Chapter 23 THE CAMELBACK TECHNIQUE At times, prices can be pretty wild. Sometimes we see large choppy Trading Ranges, abbreviated trends that fail to continue for more than a short duration. Lots of explosions and collapses make markets difficult to trade, even for the very best traders. It seems that at times only the innovative and adaptive traders can consistently take money out of their trading. Sometimes all that is needed is a simple set of tools. Let's look at just such a set of tools, that from a technical point of view are proving themselves successful in trading the kinds of charts we encounter from time to time. In the illustrations that follow, we will be using a fifteen bar exponential moving average of the close, along with a simple forty bar moving average of the highs and lows. With the forty bar simple moving average of the highs and lows we will attempt to create a channel. When prices move beyond the bounds of the channel, we will attempt to trade pointy places. We will never attempt a trade when prices are within the channel. The exponential moving average will be a filter used to keep us from trading when the moving average is flat. So, even though prices are out of the channel, as long as the fifteen bar moving average is flat or relatively flat, we will not attempt to trade. A trade will come when the moving average is trending and prices are out of the channel. If prices are above the channel, we will attempt trades only from the long side. If prices are below the channel, we will attempt trades only from the short side. Let's look at a chart so that you can get the picture of how the Camelback technique works with any time interval. You can use the Camelback for intraday or longer term position trading. More details follow.
On the chart above, we see three moving averages. The most active (dotted line), is a 15 bar exponential moving average of the Close. It is used to filter out flat spots in the price action. When the 15 bar average is flat, we do not attempt to enter any trades. The smoother moving average lines are: 1) a 40 bar simple moving average of the Highs, and 2) a 40 bar simple moving average of the lows. These two form a channel which serves to delineate the price bars in such a way that we know when it is alright to attempt to enter trades. If prices are outside the channel, as long as the 15 bar average is not flat, we may attempt to enter trades, as will be explained in the material that follows.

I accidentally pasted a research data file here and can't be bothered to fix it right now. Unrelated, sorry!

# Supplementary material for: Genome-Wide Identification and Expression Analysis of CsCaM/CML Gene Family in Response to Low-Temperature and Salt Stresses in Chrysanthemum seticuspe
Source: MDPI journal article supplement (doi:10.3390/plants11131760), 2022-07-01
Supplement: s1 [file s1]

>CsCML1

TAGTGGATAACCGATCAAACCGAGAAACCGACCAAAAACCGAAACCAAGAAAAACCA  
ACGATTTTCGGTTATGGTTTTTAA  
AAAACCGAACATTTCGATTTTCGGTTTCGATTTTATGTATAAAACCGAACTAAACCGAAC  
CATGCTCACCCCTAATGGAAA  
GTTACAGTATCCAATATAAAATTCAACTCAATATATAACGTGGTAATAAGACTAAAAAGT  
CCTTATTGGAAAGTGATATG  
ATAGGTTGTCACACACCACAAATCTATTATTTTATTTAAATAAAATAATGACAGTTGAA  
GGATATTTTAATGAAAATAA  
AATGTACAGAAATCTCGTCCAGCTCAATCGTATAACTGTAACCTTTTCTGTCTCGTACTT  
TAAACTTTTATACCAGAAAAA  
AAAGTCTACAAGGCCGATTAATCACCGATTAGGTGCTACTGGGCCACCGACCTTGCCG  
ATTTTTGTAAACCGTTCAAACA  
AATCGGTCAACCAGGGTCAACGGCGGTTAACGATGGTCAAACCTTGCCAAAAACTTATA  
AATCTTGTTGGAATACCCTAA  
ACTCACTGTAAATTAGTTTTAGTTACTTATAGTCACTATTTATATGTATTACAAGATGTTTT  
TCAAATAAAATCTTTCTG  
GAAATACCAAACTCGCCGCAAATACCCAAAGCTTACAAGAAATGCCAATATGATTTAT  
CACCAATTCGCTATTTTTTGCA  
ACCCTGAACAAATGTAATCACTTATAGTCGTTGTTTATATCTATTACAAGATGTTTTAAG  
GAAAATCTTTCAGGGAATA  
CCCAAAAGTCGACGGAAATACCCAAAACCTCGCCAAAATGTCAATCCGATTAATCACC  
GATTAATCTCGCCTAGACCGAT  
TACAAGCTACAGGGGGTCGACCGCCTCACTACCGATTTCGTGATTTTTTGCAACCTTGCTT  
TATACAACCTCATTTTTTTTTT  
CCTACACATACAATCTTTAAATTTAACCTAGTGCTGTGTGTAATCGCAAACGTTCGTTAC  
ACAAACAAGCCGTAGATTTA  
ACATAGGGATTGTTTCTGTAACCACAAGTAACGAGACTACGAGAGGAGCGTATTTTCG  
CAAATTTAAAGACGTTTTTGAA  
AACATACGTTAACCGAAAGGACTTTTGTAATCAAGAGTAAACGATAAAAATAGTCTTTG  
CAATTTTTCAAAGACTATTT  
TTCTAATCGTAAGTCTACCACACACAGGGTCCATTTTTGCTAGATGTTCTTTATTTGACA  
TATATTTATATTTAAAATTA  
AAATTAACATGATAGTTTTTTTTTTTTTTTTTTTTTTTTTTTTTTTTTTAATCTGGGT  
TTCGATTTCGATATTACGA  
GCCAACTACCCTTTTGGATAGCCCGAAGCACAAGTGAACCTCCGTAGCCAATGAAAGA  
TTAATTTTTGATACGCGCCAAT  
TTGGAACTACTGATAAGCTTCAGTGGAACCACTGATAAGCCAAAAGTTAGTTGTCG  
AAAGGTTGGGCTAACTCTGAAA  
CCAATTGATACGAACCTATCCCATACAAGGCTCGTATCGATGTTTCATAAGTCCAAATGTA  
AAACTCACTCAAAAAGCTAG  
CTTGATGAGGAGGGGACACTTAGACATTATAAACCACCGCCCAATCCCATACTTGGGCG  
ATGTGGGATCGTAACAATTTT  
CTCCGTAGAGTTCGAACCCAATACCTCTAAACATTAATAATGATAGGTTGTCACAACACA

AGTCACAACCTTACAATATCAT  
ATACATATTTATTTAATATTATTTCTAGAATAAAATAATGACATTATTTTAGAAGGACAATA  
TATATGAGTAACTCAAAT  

The idea behind the Camelback technique is to keep us on the correct side of the market at all times. This is accomplished via the channel created by the forty bar simple moving average of the Highs and Lows. WHENEVER PRICES ARE IN THE CHANNEL WE DO NOT TRADE. WHENEVER PRICES ARE ABOVE THE CHANNEL, THE APPROPRIAT E POSITION IS TO BE LONG . WHENEVER PRICES AR E BELOW THE CHANNEL, THE APPROPRIATE POSITION IS TO BE SHORT .
The only thing that will prevent us from attempting to get short below the channel or long above the channel is if the fifteen bar exponential moving average is flat or near flat. Our purpose for using the exponential moving average is to weight the more recent price action more prominently than the longer term averages for purposes of more quickly discovering when prices are flattening out. With the Camelback technique, we are attempting a three filter method for being on the correct side of the price action. We are pursuing the age-old concept of trading with the longer term trend by entering on a short term high/low breakout signal when the intermediate term trend moves counter to the long term trend. Let's look at a couple of charts to see how the concept works, and while we're at it, let's set some rules. • When prices are above the 40 bar moving average of the Highs, we go long on a violation of the high of the bar making the local low. • When prices are below the 40 bar moving average of the Lows, we sell short on a violation of the low of the bar making the local high. • We do not enter on a gap opening violation of either the high or low. • We do not enter a trade if the 15 bar moving average is flat or has turned away from the direction of the trade we want to take.
At 'A' prices are inside the channel. Price bars must be entirely out of the channel before we can use the Camelback. When prices are above the channel, we attempt to purchase a breakout of the high of the bar that makes the local low. 'B' is a local low. An entry 1 tick above 'B' would have enabled the covering of costs and possibly a small profit. A trailing stop beneath the low of each bar would have seen profits maximized 4 bars after 'B'. 'C' was the next local low. An entry 1 tick above the high of 'C' would have done little more than allow cost covering and a breakeven exit some time in the next two time intervals. The next local low was 'D'. Entry 1 tick above the high of 'D' would have resulted a profitable trade. Entry above the next local low, 'E', might have only covered costs and broken even. Entry